Kate Harding did a marvelous post on this at Salon where she underlined the obvious. “Not thinking about realistic representation is incredibly easy for white people to do — and I absolutely include myself in that — but you know what helps? People pointing it out. People saying, hey, in America in 2010, putting nine white people on a cover meant to represent the future of our film industry is backward and unreasonable. You don’t even need to go as far as “offensive,” a word that sends some people into such a “Gah, the p.c. police are after me!” tailspin, it’s hardly worth saying even when it’s true. In this case, we can just go with “illogical” or “nonsensical” or “utterly divorced from reality.” Like, what planet are you living on, where white people are the only ones worth mentioning?”
Well, we’re unfortunately sharing the same planet that those Yahoo commenters live on. These are the same people who perpetuate lies about the President — the same people Keith Olbermann spoke about in his amazing President’s Day special comment. These folks are quick to speak out about black progress, and how angry it makes them. They feel the earth shifting under their feet and it frightens them. And right now Vanity Fair is their pick for print publication of the year — despite the fact that Vanity Fair doesn’t speak to their demographic either.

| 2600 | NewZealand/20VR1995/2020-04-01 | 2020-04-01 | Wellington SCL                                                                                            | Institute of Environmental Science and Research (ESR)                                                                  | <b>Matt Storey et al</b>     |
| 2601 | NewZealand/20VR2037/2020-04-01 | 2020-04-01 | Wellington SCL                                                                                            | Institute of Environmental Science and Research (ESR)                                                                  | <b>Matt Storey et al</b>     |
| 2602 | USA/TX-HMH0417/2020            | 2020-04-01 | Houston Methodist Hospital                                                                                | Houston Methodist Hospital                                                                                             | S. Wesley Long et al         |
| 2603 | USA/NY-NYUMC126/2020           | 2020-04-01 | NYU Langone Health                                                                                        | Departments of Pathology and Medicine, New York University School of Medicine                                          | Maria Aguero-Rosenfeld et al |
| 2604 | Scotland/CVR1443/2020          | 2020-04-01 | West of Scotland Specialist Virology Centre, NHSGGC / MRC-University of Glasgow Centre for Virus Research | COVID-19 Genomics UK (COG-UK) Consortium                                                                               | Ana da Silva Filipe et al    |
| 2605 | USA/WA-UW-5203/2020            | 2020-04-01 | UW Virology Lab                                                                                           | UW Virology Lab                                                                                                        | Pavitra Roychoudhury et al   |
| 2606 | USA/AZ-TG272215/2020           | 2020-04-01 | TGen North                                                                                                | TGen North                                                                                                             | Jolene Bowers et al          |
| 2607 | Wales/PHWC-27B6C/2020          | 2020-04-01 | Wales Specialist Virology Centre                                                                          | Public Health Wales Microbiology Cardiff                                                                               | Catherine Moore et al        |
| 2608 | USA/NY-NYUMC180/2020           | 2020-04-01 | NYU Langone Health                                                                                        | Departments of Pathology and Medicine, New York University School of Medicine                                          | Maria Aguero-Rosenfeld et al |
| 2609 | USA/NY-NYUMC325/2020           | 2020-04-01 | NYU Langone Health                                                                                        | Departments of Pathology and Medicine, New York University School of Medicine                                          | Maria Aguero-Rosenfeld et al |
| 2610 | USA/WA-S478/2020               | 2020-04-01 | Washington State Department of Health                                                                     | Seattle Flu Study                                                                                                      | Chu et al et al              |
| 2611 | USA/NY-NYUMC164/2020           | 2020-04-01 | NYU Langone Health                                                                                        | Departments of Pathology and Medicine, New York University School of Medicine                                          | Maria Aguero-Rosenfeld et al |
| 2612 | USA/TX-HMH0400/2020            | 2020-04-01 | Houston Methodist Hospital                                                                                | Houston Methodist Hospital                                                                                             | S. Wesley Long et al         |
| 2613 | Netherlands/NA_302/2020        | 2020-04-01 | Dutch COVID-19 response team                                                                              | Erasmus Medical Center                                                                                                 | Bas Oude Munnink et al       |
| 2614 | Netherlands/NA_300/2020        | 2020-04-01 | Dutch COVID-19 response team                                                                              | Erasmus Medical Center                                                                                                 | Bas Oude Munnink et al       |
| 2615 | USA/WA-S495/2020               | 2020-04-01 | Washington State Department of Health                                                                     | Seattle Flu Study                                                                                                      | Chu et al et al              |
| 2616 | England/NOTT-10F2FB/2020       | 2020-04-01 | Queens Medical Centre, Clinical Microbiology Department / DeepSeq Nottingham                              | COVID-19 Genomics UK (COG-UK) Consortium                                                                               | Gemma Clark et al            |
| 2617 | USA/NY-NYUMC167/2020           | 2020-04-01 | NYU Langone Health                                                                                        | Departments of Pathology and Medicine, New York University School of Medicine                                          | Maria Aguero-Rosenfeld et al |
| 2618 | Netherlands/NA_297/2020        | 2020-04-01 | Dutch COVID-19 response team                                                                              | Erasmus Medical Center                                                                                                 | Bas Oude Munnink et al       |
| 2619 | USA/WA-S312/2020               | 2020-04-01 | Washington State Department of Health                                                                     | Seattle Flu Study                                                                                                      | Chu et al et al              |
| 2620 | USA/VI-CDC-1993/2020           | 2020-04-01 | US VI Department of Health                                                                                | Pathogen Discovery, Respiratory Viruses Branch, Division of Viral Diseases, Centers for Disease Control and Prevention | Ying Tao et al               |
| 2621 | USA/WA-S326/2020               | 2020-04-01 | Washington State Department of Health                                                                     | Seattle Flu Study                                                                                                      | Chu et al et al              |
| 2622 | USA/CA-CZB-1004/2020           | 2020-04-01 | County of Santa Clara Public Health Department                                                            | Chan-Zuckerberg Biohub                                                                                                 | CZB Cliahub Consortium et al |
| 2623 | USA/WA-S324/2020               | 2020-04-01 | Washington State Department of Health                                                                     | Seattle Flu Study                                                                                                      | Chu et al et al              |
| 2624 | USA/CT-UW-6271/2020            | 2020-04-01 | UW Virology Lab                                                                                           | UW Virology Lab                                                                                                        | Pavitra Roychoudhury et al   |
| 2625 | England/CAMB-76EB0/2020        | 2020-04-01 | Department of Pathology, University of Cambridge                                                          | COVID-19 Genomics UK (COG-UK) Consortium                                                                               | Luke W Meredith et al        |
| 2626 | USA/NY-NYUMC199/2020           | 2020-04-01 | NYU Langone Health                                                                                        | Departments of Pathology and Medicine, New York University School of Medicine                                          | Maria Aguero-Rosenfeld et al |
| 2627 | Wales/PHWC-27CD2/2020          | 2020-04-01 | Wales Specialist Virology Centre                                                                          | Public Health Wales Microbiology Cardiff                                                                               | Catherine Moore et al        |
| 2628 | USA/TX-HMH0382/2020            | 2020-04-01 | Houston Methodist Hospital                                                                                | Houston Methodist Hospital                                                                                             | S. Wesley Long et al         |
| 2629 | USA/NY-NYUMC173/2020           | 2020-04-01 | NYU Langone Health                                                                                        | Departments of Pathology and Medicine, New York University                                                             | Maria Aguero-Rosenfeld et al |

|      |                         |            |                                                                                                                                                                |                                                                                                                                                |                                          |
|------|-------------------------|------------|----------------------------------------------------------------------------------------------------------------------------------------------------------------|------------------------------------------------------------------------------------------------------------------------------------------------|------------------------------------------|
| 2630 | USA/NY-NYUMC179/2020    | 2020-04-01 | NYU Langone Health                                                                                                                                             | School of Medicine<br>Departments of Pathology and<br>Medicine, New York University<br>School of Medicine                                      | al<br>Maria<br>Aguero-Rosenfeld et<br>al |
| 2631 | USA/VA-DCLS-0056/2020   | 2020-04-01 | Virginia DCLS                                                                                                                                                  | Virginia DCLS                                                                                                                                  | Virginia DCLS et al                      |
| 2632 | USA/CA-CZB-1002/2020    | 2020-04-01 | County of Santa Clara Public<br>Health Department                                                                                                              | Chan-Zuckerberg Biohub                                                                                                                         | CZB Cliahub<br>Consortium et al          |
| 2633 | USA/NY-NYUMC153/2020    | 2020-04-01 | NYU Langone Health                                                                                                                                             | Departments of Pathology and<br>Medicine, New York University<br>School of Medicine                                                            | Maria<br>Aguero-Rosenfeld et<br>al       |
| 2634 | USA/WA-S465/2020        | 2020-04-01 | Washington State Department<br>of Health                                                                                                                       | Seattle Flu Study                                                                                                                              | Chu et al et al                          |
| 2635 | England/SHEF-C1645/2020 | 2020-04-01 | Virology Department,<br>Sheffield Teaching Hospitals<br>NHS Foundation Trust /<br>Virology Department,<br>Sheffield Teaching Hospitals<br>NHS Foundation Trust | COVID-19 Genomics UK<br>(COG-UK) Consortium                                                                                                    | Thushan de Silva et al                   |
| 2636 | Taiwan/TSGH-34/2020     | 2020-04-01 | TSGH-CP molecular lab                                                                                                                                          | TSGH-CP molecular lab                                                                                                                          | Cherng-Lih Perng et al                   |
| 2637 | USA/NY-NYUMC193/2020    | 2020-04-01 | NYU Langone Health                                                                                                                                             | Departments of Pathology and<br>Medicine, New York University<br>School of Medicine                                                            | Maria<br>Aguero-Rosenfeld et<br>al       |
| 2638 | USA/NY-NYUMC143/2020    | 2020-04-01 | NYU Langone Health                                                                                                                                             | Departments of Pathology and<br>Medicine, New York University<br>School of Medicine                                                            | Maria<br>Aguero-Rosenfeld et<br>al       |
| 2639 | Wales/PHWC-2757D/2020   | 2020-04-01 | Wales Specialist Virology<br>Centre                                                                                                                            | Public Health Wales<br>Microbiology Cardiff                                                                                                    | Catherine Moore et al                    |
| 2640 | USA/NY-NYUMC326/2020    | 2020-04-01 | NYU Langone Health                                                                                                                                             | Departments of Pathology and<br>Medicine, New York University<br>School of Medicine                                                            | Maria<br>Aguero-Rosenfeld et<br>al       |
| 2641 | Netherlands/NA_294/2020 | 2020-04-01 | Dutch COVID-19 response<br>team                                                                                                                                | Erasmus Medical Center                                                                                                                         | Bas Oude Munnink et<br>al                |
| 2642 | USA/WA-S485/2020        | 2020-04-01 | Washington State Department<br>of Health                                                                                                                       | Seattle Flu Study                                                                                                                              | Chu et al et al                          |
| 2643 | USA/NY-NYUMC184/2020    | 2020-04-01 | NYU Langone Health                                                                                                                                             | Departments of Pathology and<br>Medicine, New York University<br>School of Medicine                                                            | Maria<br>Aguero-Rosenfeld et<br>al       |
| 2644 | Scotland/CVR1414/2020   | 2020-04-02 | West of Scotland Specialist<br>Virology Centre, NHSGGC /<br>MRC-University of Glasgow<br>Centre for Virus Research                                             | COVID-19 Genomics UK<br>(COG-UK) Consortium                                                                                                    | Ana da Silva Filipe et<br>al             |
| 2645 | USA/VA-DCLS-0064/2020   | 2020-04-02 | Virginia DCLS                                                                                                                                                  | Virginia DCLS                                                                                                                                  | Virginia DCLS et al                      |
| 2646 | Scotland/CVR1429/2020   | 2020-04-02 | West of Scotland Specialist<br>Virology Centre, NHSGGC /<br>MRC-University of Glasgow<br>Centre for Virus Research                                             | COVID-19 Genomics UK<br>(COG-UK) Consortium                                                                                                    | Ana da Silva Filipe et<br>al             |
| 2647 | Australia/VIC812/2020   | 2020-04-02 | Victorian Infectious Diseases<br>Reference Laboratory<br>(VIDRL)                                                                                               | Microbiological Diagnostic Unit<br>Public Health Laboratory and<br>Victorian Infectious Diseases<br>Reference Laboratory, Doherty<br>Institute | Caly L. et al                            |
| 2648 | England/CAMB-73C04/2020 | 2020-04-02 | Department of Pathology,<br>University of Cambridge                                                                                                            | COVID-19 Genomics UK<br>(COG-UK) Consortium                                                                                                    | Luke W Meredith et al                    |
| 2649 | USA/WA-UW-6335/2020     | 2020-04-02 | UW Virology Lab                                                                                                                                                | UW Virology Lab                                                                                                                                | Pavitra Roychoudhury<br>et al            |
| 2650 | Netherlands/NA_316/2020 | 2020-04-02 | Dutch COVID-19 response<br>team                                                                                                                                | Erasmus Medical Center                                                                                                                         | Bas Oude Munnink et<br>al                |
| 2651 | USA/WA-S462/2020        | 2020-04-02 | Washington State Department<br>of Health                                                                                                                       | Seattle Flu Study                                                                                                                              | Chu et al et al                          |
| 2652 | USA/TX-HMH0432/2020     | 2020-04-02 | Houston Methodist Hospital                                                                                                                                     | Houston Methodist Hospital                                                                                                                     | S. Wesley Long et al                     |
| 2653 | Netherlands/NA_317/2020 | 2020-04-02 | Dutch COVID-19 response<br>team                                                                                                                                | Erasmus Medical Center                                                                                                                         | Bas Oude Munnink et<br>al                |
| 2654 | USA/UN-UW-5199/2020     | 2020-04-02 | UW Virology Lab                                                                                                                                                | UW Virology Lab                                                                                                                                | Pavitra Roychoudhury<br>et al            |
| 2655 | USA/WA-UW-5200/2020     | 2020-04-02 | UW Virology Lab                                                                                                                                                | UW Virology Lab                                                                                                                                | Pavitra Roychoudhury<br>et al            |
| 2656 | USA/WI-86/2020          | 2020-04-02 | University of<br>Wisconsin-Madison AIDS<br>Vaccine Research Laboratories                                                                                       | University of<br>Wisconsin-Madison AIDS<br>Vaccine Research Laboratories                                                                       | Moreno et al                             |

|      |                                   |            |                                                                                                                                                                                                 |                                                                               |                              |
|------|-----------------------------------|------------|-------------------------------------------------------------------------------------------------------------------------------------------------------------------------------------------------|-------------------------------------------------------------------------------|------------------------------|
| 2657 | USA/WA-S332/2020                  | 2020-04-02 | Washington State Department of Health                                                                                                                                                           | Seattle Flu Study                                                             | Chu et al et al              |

I have yet to read a response from Vanity Fair itself, but finally folks in the media have started asking the girls who have been suggested for the cover, how they feel about being excluded.
Just last night on Access Hollywood, Shaun Robinson interviewed Gabby Sidibe about all of this. And she was awesomely flip about it.
“At first I thought…hmmm, shouldn’t I be there? And then I very quickly got over it. I think if I were a part of that I would have felt a little left out anyway. Whether I should have been there or not doesn’t matter because I wasn’t on it. And I’m excited to be mentioned anywhere, and it doesn’t matter to me where I’m not mentioned.”
Shaun continued: “Do you realize that you’re such a role model for young girls who don’t see themselves on the cover of the magazines?”
“And I’ve been there, I’ve been in class with the other girls, and the teacher would say oh – to another little girl — oh, you can be a model, and you can be an actress… and Gabby, thank God you’re so smart. And it’s like, really?? It’s hard to grow up and not see images that remind you of yourself.”
Meanwhile, Gabby Sidibe is nominated for an Oscar. Zoe Saldana starred in one of the biggest Hollywood releases in history. And Vanity Fair is gonna keep on being Vanity Fair until the wheels fall off. I won’t be buying it, and I know many other who feel the same way. I’m pretty sure most of those 18,000 commenters on Yahoo won’t be subscribing to VF, either. Will any of these articles and blog posts and angry comments change anything? Probably not. And that’s unfortunate.
This is the kind of post that doesn’t have a conclusion, per se. So I ask — what are your thoughts, bellas?